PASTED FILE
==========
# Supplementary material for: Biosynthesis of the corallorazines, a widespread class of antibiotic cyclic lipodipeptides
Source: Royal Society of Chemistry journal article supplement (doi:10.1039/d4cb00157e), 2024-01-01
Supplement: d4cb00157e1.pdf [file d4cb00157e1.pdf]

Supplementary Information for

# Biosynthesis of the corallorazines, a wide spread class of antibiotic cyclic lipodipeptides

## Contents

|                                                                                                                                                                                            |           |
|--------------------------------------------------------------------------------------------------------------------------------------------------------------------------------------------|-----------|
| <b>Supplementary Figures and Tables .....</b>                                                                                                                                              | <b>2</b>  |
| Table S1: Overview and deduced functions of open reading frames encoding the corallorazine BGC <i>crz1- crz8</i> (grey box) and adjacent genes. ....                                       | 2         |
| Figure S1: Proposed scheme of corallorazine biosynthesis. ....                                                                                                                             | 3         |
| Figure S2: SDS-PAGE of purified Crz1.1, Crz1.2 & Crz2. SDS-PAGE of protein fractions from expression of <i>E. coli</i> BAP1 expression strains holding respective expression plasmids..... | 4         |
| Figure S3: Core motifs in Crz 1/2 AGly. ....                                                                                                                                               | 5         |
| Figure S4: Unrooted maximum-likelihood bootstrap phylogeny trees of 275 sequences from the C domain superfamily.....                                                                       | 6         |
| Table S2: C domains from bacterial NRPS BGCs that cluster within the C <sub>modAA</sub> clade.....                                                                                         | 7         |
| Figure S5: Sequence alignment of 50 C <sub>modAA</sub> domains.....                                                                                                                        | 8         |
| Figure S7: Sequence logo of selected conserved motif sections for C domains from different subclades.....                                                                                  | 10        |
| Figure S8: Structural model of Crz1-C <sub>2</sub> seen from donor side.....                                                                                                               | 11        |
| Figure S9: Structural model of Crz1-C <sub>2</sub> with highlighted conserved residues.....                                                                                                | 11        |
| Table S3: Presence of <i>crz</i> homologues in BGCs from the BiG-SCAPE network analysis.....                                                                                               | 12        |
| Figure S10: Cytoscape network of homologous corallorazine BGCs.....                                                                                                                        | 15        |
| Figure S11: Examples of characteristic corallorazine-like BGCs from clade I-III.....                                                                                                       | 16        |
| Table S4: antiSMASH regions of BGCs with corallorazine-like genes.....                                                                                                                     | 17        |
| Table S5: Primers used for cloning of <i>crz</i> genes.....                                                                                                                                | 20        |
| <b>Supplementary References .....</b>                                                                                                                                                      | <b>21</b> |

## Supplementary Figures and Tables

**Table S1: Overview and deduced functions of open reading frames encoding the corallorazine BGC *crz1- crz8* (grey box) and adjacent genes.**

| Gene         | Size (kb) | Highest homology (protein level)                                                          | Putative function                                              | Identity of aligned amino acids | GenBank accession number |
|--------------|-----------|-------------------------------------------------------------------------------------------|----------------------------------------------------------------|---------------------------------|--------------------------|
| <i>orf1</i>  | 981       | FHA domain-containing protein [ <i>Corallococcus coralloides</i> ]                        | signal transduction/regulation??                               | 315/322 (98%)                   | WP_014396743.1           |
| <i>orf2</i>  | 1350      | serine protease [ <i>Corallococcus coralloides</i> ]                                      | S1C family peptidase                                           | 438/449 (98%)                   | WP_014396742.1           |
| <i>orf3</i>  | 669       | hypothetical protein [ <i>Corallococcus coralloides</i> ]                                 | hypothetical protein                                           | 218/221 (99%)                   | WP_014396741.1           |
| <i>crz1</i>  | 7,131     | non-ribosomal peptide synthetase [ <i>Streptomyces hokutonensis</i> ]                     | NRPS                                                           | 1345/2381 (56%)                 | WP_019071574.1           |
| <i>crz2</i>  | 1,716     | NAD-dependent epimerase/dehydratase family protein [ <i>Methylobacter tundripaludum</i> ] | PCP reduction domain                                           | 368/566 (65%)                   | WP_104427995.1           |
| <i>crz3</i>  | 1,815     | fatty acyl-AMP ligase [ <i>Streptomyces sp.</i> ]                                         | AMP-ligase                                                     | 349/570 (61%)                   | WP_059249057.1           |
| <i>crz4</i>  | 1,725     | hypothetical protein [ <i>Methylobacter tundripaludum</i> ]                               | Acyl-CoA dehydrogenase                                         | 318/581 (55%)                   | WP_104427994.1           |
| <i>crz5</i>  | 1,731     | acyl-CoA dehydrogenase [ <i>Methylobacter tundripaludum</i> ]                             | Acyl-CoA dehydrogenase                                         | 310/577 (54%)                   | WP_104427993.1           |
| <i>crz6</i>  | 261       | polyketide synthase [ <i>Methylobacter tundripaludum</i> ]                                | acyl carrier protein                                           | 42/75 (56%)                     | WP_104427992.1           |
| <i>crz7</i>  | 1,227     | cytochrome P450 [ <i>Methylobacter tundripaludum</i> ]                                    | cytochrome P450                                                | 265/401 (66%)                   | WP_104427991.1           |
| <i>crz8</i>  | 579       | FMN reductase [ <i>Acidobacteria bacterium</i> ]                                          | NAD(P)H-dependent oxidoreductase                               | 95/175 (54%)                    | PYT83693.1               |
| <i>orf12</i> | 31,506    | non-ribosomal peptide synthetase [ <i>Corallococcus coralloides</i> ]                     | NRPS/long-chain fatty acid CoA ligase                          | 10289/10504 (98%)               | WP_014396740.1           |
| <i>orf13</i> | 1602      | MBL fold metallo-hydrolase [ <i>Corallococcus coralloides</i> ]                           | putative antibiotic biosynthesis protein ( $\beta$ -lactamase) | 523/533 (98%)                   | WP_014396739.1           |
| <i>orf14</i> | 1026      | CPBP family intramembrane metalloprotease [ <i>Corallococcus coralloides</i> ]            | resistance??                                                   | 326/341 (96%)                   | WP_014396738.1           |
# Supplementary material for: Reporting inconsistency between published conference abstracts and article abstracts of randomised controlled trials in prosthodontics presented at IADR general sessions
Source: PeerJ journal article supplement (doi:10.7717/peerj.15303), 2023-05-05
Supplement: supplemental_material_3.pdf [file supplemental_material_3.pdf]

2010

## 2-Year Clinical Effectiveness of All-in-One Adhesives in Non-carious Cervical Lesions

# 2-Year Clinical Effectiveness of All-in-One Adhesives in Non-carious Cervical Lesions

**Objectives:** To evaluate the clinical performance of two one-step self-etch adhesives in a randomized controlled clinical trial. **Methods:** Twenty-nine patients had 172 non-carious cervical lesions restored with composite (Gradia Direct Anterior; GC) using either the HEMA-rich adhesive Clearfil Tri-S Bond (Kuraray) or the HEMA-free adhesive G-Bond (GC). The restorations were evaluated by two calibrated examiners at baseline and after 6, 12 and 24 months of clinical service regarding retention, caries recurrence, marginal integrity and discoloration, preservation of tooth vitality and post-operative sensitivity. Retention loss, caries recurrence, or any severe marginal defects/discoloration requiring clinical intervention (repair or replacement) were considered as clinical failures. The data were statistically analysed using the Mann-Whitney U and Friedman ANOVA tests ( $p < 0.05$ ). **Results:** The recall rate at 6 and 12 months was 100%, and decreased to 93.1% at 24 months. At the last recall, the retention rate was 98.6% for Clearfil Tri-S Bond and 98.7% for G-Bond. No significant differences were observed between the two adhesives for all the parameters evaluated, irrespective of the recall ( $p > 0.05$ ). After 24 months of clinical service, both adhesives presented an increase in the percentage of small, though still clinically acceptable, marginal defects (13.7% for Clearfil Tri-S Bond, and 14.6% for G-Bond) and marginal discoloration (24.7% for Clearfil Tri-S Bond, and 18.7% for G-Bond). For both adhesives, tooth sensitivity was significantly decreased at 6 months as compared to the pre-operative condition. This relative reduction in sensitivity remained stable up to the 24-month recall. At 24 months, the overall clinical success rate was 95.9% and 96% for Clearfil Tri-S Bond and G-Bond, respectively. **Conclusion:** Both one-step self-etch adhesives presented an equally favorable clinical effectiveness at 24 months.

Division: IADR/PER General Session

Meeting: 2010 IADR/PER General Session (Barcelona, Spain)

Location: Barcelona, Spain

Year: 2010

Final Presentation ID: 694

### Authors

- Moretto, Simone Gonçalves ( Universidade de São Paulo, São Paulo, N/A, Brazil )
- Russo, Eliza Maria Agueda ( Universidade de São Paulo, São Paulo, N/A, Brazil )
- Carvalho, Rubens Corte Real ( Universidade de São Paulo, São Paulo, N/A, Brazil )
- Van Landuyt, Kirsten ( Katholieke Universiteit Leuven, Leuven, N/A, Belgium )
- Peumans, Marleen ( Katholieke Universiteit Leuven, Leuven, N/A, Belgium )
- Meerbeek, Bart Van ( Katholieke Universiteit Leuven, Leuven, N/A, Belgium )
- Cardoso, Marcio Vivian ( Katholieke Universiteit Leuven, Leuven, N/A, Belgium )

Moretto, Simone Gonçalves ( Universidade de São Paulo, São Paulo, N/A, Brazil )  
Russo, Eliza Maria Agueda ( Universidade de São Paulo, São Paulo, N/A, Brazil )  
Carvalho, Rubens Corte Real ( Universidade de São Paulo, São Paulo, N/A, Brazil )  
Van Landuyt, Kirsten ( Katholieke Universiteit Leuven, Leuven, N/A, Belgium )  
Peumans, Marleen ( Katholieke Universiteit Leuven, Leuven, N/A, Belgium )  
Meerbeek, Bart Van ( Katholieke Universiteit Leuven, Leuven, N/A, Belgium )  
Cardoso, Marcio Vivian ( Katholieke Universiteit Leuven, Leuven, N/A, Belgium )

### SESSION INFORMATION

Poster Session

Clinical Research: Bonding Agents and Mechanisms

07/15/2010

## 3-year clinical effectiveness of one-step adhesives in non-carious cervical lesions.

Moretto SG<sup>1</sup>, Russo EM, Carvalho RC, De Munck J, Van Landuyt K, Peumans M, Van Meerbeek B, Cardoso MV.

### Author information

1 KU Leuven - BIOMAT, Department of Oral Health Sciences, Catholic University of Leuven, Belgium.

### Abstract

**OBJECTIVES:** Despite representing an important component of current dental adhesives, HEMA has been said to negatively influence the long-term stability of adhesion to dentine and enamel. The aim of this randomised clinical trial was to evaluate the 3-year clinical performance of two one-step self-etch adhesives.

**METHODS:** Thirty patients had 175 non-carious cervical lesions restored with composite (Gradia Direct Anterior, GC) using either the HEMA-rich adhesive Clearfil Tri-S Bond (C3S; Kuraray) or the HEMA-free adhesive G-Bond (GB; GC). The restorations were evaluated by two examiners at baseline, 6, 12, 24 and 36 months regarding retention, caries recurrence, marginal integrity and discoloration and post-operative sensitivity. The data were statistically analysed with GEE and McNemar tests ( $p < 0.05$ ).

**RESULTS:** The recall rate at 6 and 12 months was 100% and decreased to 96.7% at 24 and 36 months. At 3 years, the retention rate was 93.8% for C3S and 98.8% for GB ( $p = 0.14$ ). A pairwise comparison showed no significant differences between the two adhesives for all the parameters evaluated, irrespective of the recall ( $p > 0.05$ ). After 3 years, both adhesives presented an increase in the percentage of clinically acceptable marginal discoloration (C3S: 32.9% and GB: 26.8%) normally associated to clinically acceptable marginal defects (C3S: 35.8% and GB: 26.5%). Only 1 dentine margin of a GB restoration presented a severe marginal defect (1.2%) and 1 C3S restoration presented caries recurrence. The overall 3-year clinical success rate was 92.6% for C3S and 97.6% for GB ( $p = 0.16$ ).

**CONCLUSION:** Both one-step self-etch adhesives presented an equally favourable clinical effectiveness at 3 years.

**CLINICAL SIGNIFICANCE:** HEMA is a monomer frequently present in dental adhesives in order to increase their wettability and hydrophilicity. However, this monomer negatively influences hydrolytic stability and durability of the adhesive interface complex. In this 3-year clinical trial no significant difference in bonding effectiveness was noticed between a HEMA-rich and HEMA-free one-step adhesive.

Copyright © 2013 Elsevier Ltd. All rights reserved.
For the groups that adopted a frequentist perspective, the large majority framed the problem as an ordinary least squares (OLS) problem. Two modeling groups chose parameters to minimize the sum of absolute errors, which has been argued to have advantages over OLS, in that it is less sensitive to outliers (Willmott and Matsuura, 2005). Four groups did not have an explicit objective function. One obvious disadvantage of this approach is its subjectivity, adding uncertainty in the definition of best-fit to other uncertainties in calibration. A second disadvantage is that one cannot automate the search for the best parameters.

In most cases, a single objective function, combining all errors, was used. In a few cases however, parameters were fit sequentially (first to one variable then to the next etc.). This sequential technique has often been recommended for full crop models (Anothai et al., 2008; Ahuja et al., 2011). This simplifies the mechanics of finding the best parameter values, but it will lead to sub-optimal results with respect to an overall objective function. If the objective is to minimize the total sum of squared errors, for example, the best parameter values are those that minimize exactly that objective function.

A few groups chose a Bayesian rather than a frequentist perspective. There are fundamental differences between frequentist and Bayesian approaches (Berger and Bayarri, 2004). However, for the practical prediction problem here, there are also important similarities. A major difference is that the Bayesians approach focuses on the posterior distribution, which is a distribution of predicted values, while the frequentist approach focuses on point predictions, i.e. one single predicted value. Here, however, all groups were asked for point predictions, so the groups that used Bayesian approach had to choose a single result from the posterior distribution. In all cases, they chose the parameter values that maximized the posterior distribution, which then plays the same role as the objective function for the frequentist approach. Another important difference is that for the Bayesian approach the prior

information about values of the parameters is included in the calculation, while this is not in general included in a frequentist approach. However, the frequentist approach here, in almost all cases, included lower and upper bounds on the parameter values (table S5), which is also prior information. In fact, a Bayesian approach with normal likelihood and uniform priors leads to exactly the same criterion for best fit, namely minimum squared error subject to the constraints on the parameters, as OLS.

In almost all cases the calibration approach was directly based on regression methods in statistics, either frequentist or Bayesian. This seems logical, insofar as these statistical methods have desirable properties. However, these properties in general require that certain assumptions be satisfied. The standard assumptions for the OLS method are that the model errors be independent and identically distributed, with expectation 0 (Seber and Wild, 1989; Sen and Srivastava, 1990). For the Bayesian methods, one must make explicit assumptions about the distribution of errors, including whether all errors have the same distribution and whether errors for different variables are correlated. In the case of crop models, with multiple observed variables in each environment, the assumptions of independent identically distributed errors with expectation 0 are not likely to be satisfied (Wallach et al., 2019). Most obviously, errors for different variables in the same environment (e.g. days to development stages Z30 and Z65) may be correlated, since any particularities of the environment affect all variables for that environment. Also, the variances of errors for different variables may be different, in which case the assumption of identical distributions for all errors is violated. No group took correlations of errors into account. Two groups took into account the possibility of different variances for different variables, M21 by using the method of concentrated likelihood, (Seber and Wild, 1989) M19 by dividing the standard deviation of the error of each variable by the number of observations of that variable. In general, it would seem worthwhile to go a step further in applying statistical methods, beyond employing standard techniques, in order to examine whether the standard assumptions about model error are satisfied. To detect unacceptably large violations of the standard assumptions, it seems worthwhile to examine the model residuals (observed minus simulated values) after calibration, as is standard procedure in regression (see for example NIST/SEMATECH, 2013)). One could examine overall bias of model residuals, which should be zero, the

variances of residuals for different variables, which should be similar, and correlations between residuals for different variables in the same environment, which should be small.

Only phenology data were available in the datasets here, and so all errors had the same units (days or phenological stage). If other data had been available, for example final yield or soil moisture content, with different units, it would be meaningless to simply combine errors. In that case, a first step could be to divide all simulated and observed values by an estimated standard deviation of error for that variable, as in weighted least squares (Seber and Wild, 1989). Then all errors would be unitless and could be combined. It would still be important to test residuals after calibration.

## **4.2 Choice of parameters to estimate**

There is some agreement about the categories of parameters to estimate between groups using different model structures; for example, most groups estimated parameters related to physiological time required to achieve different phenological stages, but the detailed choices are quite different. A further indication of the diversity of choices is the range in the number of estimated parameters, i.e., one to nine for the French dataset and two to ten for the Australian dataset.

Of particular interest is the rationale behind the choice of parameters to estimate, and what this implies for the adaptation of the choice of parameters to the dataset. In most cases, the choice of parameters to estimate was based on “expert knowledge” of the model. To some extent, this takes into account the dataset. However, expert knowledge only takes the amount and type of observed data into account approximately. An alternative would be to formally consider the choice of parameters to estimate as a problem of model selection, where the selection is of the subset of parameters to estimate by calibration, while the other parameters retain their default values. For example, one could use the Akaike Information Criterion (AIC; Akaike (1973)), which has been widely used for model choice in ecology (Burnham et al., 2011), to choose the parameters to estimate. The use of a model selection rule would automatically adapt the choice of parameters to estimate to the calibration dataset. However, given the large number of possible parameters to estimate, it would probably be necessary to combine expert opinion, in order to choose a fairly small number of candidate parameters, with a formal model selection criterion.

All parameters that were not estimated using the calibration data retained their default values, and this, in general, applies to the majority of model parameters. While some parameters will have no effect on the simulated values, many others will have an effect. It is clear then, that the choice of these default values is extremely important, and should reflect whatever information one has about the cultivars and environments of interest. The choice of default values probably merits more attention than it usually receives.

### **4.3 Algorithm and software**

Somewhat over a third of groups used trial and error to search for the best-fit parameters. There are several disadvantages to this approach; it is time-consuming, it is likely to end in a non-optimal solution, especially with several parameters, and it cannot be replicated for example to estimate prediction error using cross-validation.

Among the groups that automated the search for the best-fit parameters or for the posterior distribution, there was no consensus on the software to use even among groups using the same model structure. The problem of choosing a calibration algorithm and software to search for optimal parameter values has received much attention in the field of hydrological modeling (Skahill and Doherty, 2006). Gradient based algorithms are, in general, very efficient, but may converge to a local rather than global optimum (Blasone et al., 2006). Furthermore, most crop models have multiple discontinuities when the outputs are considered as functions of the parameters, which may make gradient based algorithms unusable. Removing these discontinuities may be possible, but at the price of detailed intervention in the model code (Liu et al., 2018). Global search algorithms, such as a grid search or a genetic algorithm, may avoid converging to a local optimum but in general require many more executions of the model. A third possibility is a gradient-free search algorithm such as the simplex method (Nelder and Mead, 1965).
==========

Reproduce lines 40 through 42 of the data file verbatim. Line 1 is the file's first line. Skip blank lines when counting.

| <i>crz8</i>  | 579       | FMN reductase [ <i>Acidobacteria bacterium</i> ]                                          | NAD(P)H-dependent oxidoreductase                               | 95/175 (54%)                    | PYT83693.1               |
| <i>orf12</i> | 31,506    | non-ribosomal peptide synthetase [ <i>Corallococcus coralloides</i> ]                     | NRPS/long-chain fatty acid CoA ligase                          | 10289/10504 (98%)               | WP_014396740.1           |
| <i>orf13</i> | 1602      | MBL fold metallo-hydrolase [ <i>Corallococcus coralloides</i> ]                           | putative antibiotic biosynthesis protein ( $\beta$ -lactamase) | 523/533 (98%)                   | WP_014396739.1           |